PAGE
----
The CloudKitchens location at 1842 West Washington Blvd. in LA is 11,336 square feet. It houses at least 83 businesses, many of them actually the same kitchen operating under different brand names. For example, Yes Vegan, Healthy Vegans, and Kreation Organic all have similar menus and use the same phone numbers. Harvesting all that sales data (who orders what, from where, at what price point, at what time of day) could create the capability for the virtual landlord to start replacing tenant brands with identical products, made in-house, at lower cost to the consumer.

“If I had to guess where they’re going with this, at some point they collect enough data where they can effectively do the same thing Amazon did to its sellers, and cannibalize the best-selling items by making it themselves,” says Newberg.

CloudKitchens and UberEats did not respond to requests for comment.

For his part, Joel Tietolman, owner of Mile End Delicatessen (with locations in Brooklyn, Manhattan, Nashville, and Birmingham), isn’t worried about copycat matzo ball soup.

“I’m in New York City, where the customers are extremely discerning,” says Tietolman. “If they can’t go to visit the restaurant, it is very doubtful that they’re going to patronize it.”

Rising rents and labor costs are a big part of the ghost kitchen’s appeal

Pittsburgh-based Primanti Bros., a sandwich chain with 42 locations in 6 states, works with a variety of different apps in different cities, dependent on which companies are more dominant within those markets.

“Third-party delivery is the necessary evil in the restaurant business at this moment,” says Primanti Bros.’ chief marketing officer Adam Golomb. Though his company hasn’t used a virtual kitchen yet, Golomb sees value in a separate facility devoted to a predictable volume of take-out, particularly at peak times when his kitchens are already taxed.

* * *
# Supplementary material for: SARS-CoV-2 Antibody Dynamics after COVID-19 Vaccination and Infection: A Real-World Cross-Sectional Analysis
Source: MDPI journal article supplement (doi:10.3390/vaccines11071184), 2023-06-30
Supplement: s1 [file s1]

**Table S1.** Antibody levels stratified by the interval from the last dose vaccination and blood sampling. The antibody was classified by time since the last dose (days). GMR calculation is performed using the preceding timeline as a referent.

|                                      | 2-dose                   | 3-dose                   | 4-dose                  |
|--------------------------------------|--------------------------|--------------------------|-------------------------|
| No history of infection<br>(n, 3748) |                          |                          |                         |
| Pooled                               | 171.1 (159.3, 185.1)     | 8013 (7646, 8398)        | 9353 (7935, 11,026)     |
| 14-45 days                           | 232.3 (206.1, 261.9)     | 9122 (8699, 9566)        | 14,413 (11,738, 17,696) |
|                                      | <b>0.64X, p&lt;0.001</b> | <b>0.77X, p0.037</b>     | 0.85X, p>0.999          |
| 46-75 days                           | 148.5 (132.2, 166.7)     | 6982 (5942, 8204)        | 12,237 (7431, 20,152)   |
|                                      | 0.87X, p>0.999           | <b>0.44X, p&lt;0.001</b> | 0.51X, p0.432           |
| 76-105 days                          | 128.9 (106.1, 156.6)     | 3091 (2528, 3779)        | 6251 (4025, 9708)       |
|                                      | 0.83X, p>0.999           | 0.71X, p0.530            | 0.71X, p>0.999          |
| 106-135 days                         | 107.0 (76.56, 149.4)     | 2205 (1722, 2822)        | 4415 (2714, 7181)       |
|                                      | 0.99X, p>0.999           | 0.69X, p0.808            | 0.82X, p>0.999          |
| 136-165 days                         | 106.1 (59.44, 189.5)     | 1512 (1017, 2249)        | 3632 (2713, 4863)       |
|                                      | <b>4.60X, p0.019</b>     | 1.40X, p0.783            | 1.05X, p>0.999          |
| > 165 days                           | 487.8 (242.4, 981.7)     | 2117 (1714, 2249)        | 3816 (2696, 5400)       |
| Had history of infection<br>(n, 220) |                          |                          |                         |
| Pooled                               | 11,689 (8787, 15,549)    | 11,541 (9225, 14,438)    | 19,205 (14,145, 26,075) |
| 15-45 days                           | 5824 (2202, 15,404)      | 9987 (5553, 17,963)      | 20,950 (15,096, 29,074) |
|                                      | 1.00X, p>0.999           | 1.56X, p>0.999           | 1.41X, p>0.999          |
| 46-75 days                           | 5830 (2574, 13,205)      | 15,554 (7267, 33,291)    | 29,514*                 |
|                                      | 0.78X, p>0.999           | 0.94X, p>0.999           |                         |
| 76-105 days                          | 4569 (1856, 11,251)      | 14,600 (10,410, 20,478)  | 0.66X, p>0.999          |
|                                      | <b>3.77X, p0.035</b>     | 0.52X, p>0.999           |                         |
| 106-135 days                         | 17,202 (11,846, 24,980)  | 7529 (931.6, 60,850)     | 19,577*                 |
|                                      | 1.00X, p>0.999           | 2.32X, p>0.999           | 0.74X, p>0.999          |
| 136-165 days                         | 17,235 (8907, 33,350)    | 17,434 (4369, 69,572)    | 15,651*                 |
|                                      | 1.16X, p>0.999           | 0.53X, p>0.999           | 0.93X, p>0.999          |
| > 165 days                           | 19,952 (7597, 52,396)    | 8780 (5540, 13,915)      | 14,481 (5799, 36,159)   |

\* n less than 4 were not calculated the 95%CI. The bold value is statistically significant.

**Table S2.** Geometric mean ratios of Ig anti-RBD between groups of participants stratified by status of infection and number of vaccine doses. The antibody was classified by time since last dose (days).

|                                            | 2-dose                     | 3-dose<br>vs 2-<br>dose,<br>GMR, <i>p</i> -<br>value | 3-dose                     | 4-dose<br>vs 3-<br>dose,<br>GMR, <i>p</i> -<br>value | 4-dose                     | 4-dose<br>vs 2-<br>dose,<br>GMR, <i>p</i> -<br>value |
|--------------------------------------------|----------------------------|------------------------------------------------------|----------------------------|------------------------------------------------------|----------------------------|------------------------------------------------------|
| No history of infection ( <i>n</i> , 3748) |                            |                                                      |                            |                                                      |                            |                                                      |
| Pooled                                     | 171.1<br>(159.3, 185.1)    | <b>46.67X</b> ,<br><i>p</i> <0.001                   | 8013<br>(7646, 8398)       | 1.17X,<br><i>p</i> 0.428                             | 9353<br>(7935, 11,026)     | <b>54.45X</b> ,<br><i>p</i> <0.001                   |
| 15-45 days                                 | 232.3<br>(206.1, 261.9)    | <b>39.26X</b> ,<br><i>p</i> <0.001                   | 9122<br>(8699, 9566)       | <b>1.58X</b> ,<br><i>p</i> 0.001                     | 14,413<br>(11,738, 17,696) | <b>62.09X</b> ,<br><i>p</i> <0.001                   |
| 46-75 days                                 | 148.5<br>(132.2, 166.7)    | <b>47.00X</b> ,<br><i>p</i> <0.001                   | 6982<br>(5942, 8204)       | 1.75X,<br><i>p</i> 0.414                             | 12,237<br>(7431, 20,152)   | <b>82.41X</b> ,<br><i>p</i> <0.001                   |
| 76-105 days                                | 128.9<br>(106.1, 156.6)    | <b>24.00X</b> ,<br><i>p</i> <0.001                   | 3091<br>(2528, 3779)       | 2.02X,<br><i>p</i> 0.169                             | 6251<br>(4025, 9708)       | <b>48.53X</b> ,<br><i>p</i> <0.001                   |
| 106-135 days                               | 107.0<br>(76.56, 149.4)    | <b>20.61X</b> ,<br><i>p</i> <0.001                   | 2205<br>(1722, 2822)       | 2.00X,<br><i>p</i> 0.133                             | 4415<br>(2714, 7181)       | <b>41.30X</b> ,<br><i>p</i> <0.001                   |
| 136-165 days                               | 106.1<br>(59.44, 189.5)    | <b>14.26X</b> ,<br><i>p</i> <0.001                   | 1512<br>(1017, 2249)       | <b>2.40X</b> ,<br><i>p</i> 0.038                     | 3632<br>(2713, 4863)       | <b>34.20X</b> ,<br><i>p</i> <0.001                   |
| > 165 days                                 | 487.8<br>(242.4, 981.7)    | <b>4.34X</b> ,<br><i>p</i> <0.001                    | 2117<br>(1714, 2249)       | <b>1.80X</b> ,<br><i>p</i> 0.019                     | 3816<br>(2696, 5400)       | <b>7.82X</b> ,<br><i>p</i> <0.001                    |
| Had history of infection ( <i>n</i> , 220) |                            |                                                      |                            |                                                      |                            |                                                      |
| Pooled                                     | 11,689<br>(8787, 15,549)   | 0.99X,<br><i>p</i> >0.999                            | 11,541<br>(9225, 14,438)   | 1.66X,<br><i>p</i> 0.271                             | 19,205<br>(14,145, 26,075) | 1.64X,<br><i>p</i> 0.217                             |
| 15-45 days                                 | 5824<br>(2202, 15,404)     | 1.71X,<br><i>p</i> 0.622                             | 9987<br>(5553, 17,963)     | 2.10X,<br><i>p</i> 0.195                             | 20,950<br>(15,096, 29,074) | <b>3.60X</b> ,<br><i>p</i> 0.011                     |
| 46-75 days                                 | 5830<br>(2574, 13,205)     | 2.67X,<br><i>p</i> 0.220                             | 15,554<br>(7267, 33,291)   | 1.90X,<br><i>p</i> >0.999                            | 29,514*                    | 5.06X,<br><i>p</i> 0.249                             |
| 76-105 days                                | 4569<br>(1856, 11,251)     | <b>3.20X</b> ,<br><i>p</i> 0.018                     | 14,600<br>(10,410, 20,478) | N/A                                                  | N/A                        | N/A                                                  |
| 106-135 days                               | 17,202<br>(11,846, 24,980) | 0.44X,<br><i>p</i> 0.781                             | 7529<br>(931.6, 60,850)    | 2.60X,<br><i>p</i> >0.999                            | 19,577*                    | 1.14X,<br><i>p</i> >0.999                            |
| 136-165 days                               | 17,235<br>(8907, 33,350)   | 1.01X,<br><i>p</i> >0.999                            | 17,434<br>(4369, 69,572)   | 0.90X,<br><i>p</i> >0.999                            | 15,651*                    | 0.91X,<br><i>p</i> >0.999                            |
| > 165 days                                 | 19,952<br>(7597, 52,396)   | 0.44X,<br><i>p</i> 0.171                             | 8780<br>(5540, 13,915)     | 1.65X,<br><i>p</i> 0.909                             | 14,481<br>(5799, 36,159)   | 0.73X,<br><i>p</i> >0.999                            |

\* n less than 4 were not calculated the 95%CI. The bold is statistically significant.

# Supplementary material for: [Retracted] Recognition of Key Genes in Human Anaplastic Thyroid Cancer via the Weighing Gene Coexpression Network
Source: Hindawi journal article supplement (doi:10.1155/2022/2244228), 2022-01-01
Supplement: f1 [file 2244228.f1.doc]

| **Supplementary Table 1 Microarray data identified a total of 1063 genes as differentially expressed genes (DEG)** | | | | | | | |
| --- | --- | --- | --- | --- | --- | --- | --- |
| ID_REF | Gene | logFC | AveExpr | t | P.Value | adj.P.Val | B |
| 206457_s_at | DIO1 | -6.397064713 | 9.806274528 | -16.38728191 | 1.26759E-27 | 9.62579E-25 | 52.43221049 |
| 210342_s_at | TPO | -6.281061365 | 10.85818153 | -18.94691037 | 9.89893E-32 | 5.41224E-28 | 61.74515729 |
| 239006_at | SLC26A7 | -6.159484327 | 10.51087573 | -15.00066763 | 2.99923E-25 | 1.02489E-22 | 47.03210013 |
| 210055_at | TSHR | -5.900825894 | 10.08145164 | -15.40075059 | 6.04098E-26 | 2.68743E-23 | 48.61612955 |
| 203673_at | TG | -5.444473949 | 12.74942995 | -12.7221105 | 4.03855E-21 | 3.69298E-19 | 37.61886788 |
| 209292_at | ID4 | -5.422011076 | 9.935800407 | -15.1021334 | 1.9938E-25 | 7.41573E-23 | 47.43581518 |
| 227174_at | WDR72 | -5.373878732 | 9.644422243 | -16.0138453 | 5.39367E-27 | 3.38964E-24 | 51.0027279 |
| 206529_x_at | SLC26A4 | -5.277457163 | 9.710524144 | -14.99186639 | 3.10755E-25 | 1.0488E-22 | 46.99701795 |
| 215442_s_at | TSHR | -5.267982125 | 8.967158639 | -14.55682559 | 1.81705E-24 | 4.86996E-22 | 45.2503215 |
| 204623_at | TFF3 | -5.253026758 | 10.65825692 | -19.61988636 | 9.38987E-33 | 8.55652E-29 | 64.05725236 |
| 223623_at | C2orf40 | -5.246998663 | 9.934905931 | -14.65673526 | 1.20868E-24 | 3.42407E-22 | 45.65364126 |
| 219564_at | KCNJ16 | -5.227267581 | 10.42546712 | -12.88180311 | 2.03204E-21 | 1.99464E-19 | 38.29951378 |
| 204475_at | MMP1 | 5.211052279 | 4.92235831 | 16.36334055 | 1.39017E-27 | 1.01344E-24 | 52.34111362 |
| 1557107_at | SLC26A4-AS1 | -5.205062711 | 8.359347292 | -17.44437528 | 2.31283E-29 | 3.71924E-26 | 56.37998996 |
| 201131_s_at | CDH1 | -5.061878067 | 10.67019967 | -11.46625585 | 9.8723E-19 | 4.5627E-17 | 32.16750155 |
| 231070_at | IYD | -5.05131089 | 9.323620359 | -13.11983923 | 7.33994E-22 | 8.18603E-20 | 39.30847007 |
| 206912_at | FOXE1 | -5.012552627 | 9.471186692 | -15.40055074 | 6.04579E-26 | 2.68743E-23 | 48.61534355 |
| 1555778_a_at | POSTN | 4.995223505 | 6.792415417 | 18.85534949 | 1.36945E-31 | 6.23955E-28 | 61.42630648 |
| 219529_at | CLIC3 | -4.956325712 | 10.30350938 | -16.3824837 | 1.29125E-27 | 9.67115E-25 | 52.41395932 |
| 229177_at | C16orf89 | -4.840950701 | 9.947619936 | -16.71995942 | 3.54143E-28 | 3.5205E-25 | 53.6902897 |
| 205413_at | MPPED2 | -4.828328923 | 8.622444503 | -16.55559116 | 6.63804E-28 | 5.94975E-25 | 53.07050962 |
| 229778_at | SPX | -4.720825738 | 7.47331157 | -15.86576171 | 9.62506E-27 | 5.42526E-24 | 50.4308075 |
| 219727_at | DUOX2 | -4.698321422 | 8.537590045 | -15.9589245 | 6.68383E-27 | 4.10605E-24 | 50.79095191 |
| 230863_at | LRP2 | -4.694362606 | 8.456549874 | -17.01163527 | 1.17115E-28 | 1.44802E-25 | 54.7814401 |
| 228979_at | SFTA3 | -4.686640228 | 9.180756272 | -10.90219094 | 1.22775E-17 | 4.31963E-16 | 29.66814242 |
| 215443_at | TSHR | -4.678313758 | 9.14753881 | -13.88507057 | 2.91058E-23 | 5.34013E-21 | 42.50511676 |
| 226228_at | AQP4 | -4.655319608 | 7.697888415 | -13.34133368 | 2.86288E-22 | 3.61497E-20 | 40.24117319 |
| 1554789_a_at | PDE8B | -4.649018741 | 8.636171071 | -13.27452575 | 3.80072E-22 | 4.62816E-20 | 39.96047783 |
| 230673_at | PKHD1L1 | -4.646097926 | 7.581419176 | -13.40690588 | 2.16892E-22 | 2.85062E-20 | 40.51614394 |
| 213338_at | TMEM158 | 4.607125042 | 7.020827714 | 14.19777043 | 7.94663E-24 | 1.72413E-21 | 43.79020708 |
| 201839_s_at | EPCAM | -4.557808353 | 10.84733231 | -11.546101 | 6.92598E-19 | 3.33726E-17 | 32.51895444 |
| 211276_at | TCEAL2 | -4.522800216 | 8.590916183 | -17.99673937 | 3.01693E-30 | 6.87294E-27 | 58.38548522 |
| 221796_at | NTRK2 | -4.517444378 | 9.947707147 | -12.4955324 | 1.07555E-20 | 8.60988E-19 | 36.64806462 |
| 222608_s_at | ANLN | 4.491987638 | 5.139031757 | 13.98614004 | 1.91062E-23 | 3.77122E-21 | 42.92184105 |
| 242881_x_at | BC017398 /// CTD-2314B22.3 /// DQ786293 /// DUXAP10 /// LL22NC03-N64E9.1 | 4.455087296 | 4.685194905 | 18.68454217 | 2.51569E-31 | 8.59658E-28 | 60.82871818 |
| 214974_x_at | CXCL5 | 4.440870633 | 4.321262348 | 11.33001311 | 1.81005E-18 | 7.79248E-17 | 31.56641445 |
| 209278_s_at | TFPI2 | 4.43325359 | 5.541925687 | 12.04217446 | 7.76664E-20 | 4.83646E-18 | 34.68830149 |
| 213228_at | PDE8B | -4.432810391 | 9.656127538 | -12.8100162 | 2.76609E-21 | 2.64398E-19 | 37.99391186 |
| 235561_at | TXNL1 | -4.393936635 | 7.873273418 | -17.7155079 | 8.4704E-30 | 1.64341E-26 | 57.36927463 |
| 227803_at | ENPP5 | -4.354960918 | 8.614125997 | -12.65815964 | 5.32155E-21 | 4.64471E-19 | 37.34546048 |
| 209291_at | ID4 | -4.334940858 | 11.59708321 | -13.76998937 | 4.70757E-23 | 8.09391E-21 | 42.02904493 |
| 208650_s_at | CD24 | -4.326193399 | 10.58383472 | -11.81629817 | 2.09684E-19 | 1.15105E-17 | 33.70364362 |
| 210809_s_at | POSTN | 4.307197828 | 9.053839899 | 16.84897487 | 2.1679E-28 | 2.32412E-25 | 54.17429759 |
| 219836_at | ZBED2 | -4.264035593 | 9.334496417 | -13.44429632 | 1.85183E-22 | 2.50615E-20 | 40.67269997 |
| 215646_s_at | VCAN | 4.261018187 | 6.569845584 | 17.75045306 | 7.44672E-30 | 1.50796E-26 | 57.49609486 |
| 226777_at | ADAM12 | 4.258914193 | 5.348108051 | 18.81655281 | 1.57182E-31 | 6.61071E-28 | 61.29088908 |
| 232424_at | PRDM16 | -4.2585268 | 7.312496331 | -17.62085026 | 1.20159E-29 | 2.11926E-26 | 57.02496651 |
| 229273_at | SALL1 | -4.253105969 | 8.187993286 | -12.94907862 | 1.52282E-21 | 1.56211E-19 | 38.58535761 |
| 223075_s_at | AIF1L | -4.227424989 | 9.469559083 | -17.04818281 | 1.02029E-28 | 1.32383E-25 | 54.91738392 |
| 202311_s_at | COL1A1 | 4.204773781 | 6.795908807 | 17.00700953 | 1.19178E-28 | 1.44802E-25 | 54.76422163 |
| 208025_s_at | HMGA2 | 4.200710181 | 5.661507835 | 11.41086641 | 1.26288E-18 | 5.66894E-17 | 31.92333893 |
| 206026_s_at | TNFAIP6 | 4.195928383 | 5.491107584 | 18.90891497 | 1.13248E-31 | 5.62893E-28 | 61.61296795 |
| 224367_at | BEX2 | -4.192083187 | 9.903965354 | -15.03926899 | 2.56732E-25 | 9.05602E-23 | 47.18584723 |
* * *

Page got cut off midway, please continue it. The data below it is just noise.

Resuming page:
“But Uber getting into the restaurant game,” he says, considering this or any third-party app’s potential mission creep from distributor to landlord, “Why do I want to do business with you when you’re competing with me? Because they would also have all the data about our customers.”

At this point, these fears have yet to be actualized, and the ghost kitchen concept remains in an early phase. As Bloomberg notes, many virtual kitchen startups have already opened and closed, while some restaurants have not found the model profitable enough to keep using. If there’s anything startup culture has taught us, though, it’s that business models shift fast; if virtual kitchens face logistical and financial challenges, rest assured there’s an innovator at this very moment, working out the kinks. 

Don’t sleep on the ghost kitchen.

Corey Mintz

Corey Mintz

Corey Mintz is a freelance food reporter and columnist, focusing on the intersection between food, labor, politics, farming, ethics, and culture. He has been a cook, a restaurant critic, and is the author of How to Host a Dinner Party (House of Anansi, 2013). https://twitter.com/coreymintz